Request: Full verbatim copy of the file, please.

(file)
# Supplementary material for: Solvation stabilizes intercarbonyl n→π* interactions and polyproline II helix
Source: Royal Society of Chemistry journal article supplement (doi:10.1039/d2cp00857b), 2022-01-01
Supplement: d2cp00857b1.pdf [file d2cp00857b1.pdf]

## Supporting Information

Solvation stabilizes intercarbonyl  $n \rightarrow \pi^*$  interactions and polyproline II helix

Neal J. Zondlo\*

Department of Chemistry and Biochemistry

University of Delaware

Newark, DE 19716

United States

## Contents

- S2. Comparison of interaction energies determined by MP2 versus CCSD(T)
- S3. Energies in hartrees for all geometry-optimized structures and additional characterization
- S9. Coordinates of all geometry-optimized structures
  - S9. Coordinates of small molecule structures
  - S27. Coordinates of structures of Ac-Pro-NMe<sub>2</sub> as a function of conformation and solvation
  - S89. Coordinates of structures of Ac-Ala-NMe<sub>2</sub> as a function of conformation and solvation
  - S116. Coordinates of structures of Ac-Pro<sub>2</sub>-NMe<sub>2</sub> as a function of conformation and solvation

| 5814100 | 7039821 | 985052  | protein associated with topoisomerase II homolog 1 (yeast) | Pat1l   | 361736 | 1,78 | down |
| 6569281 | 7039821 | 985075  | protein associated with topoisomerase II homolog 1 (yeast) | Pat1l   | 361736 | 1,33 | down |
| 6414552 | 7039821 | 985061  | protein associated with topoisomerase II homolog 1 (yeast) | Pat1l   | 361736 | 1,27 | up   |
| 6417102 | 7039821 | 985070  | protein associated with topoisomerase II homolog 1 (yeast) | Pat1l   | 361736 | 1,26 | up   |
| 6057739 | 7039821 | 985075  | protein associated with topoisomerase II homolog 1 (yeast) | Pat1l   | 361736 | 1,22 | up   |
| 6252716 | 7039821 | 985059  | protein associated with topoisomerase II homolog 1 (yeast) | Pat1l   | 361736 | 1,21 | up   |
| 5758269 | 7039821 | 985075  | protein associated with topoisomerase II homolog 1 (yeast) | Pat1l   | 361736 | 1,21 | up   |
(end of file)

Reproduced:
# Supplementary material for: Solvation stabilizes intercarbonyl n→π* interactions and polyproline II helix
Source: Royal Society of Chemistry journal article supplement (doi:10.1039/d2cp00857b), 2022-01-01
Supplement: d2cp00857b1.pdf [file d2cp00857b1.pdf]

## Supporting Information

Solvation stabilizes intercarbonyl  $n \rightarrow \pi^*$  interactions and polyproline II helix

Neal J. Zondlo\*

Department of Chemistry and Biochemistry

University of Delaware

Newark, DE 19716

United States

## Contents

- S2. Comparison of interaction energies determined by MP2 versus CCSD(T)
- S3. Energies in hartrees for all geometry-optimized structures and additional characterization
- S9. Coordinates of all geometry-optimized structures
  - S9. Coordinates of small molecule structures
  - S27. Coordinates of structures of Ac-Pro-NMe<sub>2</sub> as a function of conformation and solvation
  - S89. Coordinates of structures of Ac-Ala-NMe<sub>2</sub> as a function of conformation and solvation
  - S116. Coordinates of structures of Ac-Pro<sub>2</sub>-NMe<sub>2</sub> as a function of conformation and solvation

| 5814100 | 7039821 | 985052  | protein associated with topoisomerase II homolog 1 (yeast) | Pat1l   | 361736 | 1,78 | down |
| 6569281 | 7039821 | 985075  | protein associated with topoisomerase II homolog 1 (yeast) | Pat1l   | 361736 | 1,33 | down |
| 6414552 | 7039821 | 985061  | protein associated with topoisomerase II homolog 1 (yeast) | Pat1l   | 361736 | 1,27 | up   |
| 6417102 | 7039821 | 985070  | protein associated with topoisomerase II homolog 1 (yeast) | Pat1l   | 361736 | 1,26 | up   |
| 6057739 | 7039821 | 985075  | protein associated with topoisomerase II homolog 1 (yeast) | Pat1l   | 361736 | 1,22 | up   |
| 6252716 | 7039821 | 985059  | protein associated with topoisomerase II homolog 1 (yeast) | Pat1l   | 361736 | 1,21 | up   |
| 5758269 | 7039821 | 985075  | protein associated with topoisomerase II homolog 1 (yeast) | Pat1l   | 361736 | 1,21 | up   |